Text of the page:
In addition, as part of their records management strategy, agencies should also consider what tools they need to effectively respond to PRA requests, such as records management software. The SAO study mentions a variety of software options, such as GovQA, a public records request portal that can organize records and track and respond to public records request, and Adobe Acrobat Pro, which allows electronic redaction.

4. Ensure Employee Familiarity with the PRA and Records Retention Requirements 

Agencies should train all employees on their responsibilities in the public records realm. For example, consider making records training a mandatory part of new hire orientation or requesting existing staff take advantage of training opportunities (such as those outlined in a recent MRSC blog post on PRA training requirements).

All employees should also know—and follow—their agency’s records retention schedule. Records are routinely kept way past their records retention period, making records management and PRA responses more difficult for the agency than it needs to be. Ideas to reduce the volume of records include:

  • Saving electronic files in folders with specified retention periods.
  • Deleting emails after a set period, thereby requiring employees to take affirmative steps to manage and retain their email messages for the appropriate timeframe.
  • Holding periodic “file-a-thons” where records managers and employees can organize and manage their records.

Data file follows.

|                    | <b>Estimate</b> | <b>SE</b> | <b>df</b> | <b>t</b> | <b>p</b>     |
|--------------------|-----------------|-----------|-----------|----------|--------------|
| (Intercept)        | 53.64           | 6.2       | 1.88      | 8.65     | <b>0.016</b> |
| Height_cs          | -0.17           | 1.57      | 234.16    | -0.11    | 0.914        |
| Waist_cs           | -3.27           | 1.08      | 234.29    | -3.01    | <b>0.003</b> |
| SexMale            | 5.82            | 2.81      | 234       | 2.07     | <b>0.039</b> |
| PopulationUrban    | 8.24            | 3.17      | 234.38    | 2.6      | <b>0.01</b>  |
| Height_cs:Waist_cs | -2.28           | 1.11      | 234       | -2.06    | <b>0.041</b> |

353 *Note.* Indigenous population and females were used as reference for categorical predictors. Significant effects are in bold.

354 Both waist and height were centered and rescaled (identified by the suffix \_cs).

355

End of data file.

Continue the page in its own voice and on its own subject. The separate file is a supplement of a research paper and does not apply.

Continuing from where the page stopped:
5. Only Collect Necessary Information 

Review your forms and processes to eliminate collection of superfluous information, such as driver’s license numbers and social security numbers, which can cause headaches down the road in terms of records production. Ask yourself: does the agency really need that information in order to (fill in the blank) (e.g., process the solicitor’s license or move forward with the building permit)?

It’s no secret that agencies struggle with records management and PRA responses. The good news, however, is that agencies can implement systems and tools to make records management and records production more manageable.

Does your agency utilize other methods to help with records issues? I would love to hear about them in the comments below, or through email at

MRSC is a private nonprofit organization serving local governments in Washington State. Eligible government agencies in Washington State may use our free, one-on-one Ask MRSC service to get answers to legal, policy, or financial questions.

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About Flannary Collins

Flannary Collins is the managing attorney for MRSC. She first joined MRSC as a legal consultant in August 2013 after serving as assistant city attorney for the city of Shoreline where she advised all city departments on a wide range of issues. Flannary became the managing attorney in 2018. In this role, she manages the MRSC legal team of five attorneys.

At MRSC, Flannary enjoys providing legal guidance to municipalities on all municipal issues, including the OPMA, PRA, and elected officials’ roles and responsibilities. She also serves on the WSAMA Board of Directors as Secretary-Treasurer.